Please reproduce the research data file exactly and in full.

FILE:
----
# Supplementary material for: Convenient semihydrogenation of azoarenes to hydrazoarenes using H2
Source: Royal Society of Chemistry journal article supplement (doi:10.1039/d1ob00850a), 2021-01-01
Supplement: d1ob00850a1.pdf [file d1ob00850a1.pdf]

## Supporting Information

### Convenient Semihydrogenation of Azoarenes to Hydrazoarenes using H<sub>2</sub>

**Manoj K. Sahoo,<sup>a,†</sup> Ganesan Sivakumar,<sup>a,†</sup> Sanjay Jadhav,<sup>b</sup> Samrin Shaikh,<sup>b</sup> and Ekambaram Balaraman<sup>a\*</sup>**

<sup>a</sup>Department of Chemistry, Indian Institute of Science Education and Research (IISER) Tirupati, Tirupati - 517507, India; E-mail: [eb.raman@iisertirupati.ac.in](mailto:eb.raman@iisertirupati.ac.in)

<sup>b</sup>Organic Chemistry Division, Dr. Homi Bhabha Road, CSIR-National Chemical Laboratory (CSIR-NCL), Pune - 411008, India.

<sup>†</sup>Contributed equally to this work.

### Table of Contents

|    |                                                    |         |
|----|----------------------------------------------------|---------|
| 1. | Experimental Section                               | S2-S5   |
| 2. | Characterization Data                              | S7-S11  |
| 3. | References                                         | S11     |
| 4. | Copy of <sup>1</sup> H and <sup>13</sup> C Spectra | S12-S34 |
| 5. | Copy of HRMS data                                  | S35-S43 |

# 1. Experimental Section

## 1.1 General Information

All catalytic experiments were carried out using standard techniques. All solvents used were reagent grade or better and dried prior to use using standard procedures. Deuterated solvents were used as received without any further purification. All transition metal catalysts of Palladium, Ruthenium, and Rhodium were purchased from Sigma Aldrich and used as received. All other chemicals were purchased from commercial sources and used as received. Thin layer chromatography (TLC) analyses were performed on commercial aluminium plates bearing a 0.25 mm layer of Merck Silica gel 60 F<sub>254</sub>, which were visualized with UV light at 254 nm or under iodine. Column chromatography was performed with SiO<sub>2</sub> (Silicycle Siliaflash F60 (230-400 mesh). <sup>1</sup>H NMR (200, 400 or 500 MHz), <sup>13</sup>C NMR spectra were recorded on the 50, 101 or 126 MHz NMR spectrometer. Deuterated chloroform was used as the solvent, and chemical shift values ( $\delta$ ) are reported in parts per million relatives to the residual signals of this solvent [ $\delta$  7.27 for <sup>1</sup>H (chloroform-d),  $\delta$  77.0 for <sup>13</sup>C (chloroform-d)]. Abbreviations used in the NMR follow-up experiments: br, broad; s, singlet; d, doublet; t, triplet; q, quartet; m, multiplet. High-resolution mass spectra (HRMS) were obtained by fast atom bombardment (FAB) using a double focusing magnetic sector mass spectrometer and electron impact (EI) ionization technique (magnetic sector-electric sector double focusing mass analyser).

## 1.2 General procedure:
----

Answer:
# Supplementary material for: Convenient semihydrogenation of azoarenes to hydrazoarenes using H2
Source: Royal Society of Chemistry journal article supplement (doi:10.1039/d1ob00850a), 2021-01-01
Supplement: d1ob00850a1.pdf [file d1ob00850a1.pdf]

## Supporting Information

### Convenient Semihydrogenation of Azoarenes to Hydrazoarenes using H<sub>2</sub>

**Manoj K. Sahoo,<sup>a,†</sup> Ganesan Sivakumar,<sup>a,†</sup> Sanjay Jadhav,<sup>b</sup> Samrin Shaikh,<sup>b</sup> and Ekambaram Balaraman<sup>a\*</sup>**

<sup>a</sup>Department of Chemistry, Indian Institute of Science Education and Research (IISER) Tirupati, Tirupati - 517507, India; E-mail: [eb.raman@iisertirupati.ac.in](mailto:eb.raman@iisertirupati.ac.in)

<sup>b</sup>Organic Chemistry Division, Dr. Homi Bhabha Road, CSIR-National Chemical Laboratory (CSIR-NCL), Pune - 411008, India.

<sup>†</sup>Contributed equally to this work.

### Table of Contents

|    |                                                    |         |
|----|----------------------------------------------------|---------|
| 1. | Experimental Section                               | S2-S5   |
| 2. | Characterization Data                              | S7-S11  |
| 3. | References                                         | S11     |
| 4. | Copy of <sup>1</sup> H and <sup>13</sup> C Spectra | S12-S34 |
| 5. | Copy of HRMS data                                  | S35-S43 |

# 1. Experimental Section

## 1.1 General Information

All catalytic experiments were carried out using standard techniques. All solvents used were reagent grade or better and dried prior to use using standard procedures. Deuterated solvents were used as received without any further purification. All transition metal catalysts of Palladium, Ruthenium, and Rhodium were purchased from Sigma Aldrich and used as received. All other chemicals were purchased from commercial sources and used as received. Thin layer chromatography (TLC) analyses were performed on commercial aluminium plates bearing a 0.25 mm layer of Merck Silica gel 60 F<sub>254</sub>, which were visualized with UV light at 254 nm or under iodine. Column chromatography was performed with SiO<sub>2</sub> (Silicycle Siliaflash F60 (230-400 mesh). <sup>1</sup>H NMR (200, 400 or 500 MHz), <sup>13</sup>C NMR spectra were recorded on the 50, 101 or 126 MHz NMR spectrometer. Deuterated chloroform was used as the solvent, and chemical shift values ( $\delta$ ) are reported in parts per million relatives to the residual signals of this solvent [ $\delta$  7.27 for <sup>1</sup>H (chloroform-d),  $\delta$  77.0 for <sup>13</sup>C (chloroform-d)]. Abbreviations used in the NMR follow-up experiments: br, broad; s, singlet; d, doublet; t, triplet; q, quartet; m, multiplet. High-resolution mass spectra (HRMS) were obtained by fast atom bombardment (FAB) using a double focusing magnetic sector mass spectrometer and electron impact (EI) ionization technique (magnetic sector-electric sector double focusing mass analyser).

## 1.2 General procedure: